Primary Health Care Research & Development

Research

Depression and gender differences among younger immigrant patients on sick leave due to chronic back pain: a primary care study

Marina Taloyana1a2 c1 and Monica Löfvandera1a3a4

a1 Center for Family and Community Medicine, Department of Neurobiology, Caring Sciences and Society, Karolinska Institutet, Stockholm, Sweden

a2 Stress Research Institute, Stockholm University, Stockholm, Sweden

a3 Center for Clinical Research – Västmanland, Uppsala University, Västerås, Sweden

a4 Family Medicine and Preventive Medicine Unit, Department of Public Health and Caring Sciences, Uppsala University, Uppsala, Sweden

Abstract

Background Mental ill-health and pain are major causes for disability compensation in female adults in Sweden.

Aims The aims of this study were to (1) analyse gender differences in the prevalence of depression among immigrant patients with chronic back pain and (2) explore whether factors such as age, marital status, educational level, religious faith, number of children and number of diagnosed pain sites could explain these differences.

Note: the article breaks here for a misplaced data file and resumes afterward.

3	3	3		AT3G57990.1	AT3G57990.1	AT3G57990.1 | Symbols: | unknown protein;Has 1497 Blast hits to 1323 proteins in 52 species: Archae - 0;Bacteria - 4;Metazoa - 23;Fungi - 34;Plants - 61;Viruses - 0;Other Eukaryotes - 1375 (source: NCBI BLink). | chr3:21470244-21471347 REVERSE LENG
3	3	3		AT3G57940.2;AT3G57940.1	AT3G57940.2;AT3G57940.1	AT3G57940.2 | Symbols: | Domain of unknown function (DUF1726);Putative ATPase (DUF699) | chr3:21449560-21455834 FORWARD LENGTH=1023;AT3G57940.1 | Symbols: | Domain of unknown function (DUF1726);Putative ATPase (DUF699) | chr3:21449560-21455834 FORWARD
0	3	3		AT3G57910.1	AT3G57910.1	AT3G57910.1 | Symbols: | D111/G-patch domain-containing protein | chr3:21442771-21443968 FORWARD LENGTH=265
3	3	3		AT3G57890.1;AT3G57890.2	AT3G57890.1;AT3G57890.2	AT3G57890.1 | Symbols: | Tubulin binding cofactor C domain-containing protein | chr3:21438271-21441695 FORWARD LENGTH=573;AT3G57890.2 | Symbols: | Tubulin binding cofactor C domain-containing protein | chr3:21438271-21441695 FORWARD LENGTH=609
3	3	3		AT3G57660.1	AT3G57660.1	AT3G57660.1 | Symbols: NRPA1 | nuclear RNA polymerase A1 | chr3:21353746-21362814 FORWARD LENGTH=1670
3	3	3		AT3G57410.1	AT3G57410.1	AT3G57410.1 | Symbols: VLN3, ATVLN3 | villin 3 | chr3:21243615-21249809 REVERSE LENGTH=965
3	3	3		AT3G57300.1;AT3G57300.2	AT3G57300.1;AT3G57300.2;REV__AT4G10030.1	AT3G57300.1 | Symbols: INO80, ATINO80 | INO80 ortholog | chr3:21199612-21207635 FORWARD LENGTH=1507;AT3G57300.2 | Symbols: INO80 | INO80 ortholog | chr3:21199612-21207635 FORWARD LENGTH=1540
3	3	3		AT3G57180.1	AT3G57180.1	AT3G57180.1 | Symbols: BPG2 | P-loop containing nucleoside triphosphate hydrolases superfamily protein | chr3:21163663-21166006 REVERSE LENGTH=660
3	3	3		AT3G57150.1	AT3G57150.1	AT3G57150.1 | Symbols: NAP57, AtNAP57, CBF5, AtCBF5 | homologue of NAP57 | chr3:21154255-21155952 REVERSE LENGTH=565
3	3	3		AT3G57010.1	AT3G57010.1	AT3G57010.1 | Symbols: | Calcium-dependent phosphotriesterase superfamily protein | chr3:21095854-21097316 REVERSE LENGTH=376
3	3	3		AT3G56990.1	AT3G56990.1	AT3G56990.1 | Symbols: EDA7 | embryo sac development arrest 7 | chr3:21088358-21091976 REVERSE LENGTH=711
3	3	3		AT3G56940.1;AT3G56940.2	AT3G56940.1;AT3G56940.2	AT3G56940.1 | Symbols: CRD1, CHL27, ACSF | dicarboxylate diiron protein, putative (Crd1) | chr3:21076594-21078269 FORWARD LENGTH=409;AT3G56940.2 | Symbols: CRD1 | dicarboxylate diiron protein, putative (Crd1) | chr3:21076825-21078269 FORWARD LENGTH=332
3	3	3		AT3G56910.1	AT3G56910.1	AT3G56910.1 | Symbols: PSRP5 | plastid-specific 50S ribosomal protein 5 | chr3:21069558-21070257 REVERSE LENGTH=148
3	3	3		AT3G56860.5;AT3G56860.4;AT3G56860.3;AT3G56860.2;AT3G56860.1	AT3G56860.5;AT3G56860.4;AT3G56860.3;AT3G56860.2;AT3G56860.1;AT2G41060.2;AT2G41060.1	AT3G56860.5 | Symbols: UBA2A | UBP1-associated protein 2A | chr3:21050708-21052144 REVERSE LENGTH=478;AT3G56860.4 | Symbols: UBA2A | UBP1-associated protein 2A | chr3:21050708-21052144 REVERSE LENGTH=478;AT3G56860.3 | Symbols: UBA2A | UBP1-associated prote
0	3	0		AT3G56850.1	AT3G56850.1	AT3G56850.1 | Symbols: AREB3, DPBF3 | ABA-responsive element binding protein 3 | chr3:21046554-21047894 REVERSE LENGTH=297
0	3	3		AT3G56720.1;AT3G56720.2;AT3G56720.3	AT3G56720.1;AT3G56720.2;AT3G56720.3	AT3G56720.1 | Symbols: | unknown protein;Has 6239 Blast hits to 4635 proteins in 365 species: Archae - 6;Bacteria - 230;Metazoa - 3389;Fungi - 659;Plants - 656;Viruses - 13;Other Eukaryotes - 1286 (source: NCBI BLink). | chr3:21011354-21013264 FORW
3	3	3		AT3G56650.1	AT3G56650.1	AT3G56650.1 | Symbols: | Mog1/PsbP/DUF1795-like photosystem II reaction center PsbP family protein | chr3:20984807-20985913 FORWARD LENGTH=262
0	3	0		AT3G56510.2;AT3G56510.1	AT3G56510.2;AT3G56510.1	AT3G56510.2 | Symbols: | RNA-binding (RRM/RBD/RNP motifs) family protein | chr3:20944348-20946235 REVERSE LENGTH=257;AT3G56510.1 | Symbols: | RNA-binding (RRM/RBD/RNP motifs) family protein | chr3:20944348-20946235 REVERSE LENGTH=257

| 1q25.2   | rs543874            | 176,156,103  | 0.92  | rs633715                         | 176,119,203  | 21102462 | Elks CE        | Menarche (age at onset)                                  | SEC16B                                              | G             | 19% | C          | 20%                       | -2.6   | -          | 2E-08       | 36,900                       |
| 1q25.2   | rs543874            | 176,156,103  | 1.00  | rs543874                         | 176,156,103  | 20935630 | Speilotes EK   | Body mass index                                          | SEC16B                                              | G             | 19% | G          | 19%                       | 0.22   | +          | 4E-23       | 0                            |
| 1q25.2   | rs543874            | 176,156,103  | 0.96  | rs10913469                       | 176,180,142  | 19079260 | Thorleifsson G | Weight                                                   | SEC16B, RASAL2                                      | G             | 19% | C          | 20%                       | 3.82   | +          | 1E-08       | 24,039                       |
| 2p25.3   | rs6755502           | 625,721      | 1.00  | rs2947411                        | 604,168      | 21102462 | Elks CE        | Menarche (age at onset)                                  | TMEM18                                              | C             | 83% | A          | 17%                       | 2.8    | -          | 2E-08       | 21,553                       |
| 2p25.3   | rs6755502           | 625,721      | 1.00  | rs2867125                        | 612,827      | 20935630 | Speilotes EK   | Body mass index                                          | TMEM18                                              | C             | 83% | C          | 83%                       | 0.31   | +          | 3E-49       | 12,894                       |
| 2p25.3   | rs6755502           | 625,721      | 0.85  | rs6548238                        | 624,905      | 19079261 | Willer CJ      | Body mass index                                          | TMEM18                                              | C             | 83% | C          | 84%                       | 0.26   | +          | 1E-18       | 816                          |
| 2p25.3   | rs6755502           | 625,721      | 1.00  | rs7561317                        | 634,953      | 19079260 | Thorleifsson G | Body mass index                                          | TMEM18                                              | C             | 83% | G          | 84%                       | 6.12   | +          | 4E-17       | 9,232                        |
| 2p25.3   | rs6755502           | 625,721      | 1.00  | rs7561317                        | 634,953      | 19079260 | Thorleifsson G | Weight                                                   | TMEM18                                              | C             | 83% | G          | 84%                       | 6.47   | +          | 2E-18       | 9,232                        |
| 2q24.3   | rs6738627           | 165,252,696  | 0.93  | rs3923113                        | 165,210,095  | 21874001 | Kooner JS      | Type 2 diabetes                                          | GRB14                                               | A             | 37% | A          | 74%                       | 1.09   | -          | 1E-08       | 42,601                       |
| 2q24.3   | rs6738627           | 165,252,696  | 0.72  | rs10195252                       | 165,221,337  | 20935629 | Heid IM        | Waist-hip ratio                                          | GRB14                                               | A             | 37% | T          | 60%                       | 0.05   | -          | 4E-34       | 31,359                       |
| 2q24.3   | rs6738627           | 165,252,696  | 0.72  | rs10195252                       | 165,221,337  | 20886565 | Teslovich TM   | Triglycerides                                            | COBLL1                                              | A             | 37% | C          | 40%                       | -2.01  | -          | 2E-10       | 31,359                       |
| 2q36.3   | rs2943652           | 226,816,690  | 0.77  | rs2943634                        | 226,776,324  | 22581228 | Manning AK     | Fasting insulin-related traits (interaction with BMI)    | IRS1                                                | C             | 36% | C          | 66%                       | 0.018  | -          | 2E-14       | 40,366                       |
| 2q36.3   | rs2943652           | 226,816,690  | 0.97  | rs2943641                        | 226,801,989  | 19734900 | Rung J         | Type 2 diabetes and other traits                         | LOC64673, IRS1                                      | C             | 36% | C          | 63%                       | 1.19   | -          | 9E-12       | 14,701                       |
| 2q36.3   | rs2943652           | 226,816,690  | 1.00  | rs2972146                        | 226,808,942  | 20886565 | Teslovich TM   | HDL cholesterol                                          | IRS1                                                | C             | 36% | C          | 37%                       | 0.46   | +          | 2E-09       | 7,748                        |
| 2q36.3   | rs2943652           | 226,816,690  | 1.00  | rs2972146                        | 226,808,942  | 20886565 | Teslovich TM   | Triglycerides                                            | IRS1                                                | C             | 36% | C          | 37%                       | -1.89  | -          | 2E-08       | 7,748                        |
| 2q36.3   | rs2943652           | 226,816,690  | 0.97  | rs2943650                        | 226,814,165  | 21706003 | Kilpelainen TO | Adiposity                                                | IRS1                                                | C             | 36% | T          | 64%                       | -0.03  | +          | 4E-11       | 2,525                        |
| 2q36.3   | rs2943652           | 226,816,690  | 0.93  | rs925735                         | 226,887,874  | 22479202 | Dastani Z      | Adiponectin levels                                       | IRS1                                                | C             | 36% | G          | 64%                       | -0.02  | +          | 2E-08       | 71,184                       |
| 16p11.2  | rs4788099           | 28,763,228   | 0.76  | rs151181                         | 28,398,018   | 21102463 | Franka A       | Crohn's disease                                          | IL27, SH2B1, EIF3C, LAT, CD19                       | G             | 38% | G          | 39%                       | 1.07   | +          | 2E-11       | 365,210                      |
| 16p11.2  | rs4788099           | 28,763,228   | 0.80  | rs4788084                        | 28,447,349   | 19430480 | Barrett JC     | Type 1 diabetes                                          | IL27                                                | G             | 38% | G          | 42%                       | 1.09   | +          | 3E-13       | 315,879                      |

Methods The study sample consisted of 245 sick-listed primary care patients in consecutive order aged 18 through 45 years with a median duration of sick leave of 10 months for back pain and participating in a rehabilitation programme. Explanatory variables included physicians’ diagnosed pain sites, age, marital status, education, number of children and religious affiliation. Predictive factors for depression were analysed using logistic regression.

Findings The women differed significantly from the men in three aspects: they were less educated, had more children and had more multiple pain sites, that is, 68% versus 45%. In the age-adjusted model, women were twice as likely to have depression (odds ratio (OR) 2.1). Regardless the gender, those with intermediate education of 9–11 years had the lowest odds of outcome compared with those with <0–8 years and ≥12 years education. Finally, after adjusting for all explanatory variables, the ORs of depression for women decreased to a non-significant level (OR 1.8; 95% confidence interval (CI) 0.94–3.43). Furthermore, regardless of the gender, those with multiple pain sites had twice higher odds (OR 2.04; 95% CI 1.11–3.74) of depression than those with fewer pain sites.

Conclusion Gender differences in odds of depression in our study could be explained by a higher prevalence of diagnosed multiple pain sites in women. This calls for tailor-made treatments that focus on the pain relief needs of immigrant women with low education and chronic back pain.

(Received November 13 2011)

(Revised October 04 2012)

(Accepted October 14 2012)

(Online publication February 07 2013)

Key words

  • chronic back pain;
  • depression;
  • immigrants;
  • primary care;
  • somatic pain

Correspondence

c1 Correspondence to: Marina Taloyan, Department of Neurobiology, Center for Family and Community Medicine, Caring Sciences and Society, Karolinska Institute, Alfred Nobels allé 12, 14152 Huddinge, Sweden. Email: marina.taloyan@sll.se

0Comments
Related Content